Steve Vai: 8 songs that changed my life

Steve Vai
(Image credit: Kevin Nixon)

Steve Vai has a well-deserved reputation as one of the great modern rock guitarists. But the thoughtful New York-born musician is convinced that his magnum opus is still to come.

“Over the next year and a half I’m looking to make three records that are different to anything I’ve ever done,” he reveals. “I’ve been seeing in my mind’s eye an evolution in my playing, imagining things that I can’t yet do and documenting them visually in my head. 

"I’m looking to make a deeper connection with the freedom of my creativity. There are certain physical limitations that enter your radar as you get older, so there’s no time to waste."

Educated at the prestigious Berklee College of Music in Boston, Vai is one of the few classically-trained superstar guitarists, but he freely admits that his playing was shaped by songs on 12-inch vinyl. Here are eight tracks which have inspired his adventures in sound.


Leonard Bernstein: The Rumble (West Side Story Original Soundtrack, 1961)

"I was seven or eight years old when I first heard this and it completely captivated me. The story of the film is so powerful, dramatic and full of theatre, and when I heard the soundtrack I knew I wanted to be a composer. The Rumble is a real high-energy piece of music, and it moves so freely, not tied to a particular rhythm base or melodic structure, which I found inspiring.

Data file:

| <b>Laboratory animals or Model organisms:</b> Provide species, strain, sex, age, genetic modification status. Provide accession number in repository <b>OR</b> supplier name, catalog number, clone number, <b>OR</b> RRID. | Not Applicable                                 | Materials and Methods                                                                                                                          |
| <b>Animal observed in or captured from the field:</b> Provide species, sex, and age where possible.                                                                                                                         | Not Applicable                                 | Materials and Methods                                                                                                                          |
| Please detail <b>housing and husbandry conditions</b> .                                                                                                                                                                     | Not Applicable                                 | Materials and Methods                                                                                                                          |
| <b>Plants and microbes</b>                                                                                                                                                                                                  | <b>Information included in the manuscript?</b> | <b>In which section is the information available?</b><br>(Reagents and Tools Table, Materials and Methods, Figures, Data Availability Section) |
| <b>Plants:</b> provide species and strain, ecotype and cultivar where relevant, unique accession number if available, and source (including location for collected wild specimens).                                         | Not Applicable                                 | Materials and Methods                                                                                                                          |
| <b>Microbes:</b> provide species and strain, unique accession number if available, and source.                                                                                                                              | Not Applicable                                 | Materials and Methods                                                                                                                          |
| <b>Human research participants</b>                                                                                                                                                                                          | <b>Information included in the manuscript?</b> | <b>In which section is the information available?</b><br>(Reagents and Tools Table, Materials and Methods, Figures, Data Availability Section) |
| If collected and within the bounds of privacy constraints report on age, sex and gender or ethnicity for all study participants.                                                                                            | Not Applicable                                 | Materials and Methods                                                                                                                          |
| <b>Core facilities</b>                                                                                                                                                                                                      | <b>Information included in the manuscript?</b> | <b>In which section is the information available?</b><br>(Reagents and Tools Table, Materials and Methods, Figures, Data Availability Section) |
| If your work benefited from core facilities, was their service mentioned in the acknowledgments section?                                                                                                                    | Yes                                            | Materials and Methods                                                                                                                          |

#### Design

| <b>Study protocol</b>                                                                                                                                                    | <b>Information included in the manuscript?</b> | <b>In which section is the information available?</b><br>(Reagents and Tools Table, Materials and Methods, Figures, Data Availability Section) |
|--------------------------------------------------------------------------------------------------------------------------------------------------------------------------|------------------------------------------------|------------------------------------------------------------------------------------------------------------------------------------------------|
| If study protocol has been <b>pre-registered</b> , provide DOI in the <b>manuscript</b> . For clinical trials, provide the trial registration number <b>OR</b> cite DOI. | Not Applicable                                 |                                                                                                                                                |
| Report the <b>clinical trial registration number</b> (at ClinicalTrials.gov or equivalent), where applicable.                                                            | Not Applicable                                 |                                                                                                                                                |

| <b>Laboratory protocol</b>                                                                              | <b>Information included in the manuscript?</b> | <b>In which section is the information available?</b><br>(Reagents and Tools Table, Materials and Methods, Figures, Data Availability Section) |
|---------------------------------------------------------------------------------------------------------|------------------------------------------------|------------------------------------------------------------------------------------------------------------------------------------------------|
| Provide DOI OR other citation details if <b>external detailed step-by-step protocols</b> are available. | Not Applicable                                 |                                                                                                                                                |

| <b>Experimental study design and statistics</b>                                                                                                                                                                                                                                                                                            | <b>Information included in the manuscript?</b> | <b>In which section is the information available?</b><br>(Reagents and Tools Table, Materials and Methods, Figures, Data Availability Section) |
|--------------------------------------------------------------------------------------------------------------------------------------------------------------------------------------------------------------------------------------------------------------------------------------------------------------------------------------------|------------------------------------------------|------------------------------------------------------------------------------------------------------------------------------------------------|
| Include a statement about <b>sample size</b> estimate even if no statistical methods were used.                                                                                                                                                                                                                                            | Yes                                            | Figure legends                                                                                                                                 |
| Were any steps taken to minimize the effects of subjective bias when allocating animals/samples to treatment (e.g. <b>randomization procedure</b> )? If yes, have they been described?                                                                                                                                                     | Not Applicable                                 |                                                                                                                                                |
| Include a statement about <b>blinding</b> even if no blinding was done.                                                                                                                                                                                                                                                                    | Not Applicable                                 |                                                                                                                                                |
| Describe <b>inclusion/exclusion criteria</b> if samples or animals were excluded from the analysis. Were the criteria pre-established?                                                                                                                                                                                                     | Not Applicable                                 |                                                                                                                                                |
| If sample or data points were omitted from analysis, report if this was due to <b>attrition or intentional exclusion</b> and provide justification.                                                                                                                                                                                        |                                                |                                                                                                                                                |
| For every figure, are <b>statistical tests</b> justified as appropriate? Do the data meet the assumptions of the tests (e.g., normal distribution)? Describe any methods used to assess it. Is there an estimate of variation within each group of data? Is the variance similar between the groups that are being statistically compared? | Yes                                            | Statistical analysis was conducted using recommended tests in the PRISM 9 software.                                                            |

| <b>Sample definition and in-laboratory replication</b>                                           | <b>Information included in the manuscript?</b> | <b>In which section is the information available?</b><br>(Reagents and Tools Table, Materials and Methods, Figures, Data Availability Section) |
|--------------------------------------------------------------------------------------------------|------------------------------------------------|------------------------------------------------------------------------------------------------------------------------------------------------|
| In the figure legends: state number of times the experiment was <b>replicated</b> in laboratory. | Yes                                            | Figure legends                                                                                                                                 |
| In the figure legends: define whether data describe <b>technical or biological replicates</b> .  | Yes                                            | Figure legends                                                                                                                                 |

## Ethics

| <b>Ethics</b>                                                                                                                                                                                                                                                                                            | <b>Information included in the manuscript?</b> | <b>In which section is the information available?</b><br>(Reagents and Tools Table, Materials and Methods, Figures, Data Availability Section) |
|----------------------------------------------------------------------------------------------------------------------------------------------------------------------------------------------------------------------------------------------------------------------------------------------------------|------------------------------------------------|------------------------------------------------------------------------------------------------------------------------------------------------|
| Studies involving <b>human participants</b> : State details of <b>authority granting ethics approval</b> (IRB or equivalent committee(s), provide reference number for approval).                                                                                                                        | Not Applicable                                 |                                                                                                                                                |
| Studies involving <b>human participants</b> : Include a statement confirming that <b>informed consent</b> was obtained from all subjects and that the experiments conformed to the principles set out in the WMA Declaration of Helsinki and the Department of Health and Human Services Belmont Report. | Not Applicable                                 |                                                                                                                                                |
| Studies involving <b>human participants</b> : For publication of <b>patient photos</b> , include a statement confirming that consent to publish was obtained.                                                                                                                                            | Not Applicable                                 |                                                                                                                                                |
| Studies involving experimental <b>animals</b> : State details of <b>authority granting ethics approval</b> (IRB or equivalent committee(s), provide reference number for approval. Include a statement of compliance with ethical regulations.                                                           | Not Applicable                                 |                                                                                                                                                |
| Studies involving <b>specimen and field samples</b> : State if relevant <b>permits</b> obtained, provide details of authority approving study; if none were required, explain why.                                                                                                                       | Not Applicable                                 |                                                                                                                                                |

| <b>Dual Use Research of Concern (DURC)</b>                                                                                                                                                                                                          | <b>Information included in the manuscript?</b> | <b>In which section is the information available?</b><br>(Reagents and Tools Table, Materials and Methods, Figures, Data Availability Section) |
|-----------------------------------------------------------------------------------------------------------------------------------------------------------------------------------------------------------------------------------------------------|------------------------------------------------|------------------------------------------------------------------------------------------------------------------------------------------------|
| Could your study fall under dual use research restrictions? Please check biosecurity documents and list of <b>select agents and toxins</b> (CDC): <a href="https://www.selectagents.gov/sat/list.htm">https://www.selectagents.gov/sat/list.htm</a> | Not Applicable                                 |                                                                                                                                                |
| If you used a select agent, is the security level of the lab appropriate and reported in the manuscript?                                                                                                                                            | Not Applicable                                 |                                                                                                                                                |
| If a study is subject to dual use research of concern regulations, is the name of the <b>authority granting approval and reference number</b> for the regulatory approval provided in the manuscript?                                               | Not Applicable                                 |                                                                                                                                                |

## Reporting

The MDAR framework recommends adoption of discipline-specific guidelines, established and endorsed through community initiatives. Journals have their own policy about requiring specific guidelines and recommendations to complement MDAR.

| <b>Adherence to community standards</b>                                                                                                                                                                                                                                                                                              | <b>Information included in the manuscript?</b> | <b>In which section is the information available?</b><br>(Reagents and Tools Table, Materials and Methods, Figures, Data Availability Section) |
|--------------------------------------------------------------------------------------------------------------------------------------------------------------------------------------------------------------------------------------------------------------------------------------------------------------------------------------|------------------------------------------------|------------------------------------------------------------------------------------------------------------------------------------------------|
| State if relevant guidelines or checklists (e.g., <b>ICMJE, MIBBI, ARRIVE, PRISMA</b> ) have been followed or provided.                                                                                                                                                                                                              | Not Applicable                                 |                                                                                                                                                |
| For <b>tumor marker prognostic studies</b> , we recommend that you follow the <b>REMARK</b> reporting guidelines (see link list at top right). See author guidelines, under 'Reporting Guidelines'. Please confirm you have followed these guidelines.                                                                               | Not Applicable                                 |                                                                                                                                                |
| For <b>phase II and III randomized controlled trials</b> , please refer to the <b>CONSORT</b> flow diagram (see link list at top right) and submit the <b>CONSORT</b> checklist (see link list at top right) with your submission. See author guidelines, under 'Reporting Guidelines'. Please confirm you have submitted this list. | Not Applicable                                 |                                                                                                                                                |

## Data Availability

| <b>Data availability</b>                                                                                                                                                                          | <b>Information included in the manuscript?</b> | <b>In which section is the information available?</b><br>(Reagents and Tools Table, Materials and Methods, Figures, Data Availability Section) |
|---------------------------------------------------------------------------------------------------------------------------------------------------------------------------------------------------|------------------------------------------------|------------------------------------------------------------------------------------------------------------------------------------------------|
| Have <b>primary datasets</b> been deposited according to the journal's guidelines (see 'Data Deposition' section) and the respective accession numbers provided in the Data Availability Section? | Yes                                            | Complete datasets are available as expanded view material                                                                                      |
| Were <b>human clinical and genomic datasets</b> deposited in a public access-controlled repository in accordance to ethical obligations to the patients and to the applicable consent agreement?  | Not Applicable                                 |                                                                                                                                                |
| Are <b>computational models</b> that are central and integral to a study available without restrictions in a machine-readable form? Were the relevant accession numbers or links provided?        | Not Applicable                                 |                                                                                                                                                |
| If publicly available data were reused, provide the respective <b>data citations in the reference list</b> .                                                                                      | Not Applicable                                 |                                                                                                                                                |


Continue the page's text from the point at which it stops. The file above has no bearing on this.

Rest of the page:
"My parents listened to Tom Jones, Engelbert Humperdinck, Italian accordion music, comedy records, whatever, and those were all fine and good, but West Side Story is just a monolith."  

Sly And The Family Stone: Dance To The Music (Greatest Hits, 1970)

"This was the next record that had a huge impact on me. My older brother brought this home, and I loved the energy in it, and the melody and the groove: it sounded like a party. I listened to that record until I was blue in the face. And when I heard Dance To The Music live on the Woodstock festival eight track I loved it even more, because that was my introduction to capturing the excitement and energy of live music." 

Elton John: Burn Down The Mission (Tumbleweed Connection, 1970)

"This album had an incredible impact on me. When I was very young I had this very traumatic experience where myself and two other boys were playing on the railroad tracks, and one of the kids threw some metal pieces on the rail, trying to get them to ignite, and one did, burning him severely. 

"I was in a real state of anxiety and shock at the time, but then I discovered Tumbleweed Connection and totally immersed myself in it. It got me through one of the most challenging psychological periods in my life."  

Led Zeppelin: Heartbreaker (Led Zeppelin II, 1969)

"Hearing my sister Pam’s copy of Led Zeppelin II was the defining moment in me wanting to play guitar. That record was my everything. I’d always thought that a guitar was this untouchable, beautiful thing that I was unworthy of holding, but as soon as I heard the solo on Heartbreaker, something shifted in me, and I thought, I don’t care about my insecurities, I’m playing the guitar. 

"I bought a Teisco Del Rey guitar from a friend for $5 and started learning, and everything Jimmy Page represented was everything I wanted to be." 

Queen: Ogre Battle (Queen II, 1974)

"Ogre Battle is heavy in the most sublime way. There was a kid called John who lived a few houses from me and he introduced me to Queen at a point where I believed that Led Zeppelin was the only music in the world. After I heard Queen II, Brian May became my god, and I studied everything about his playing.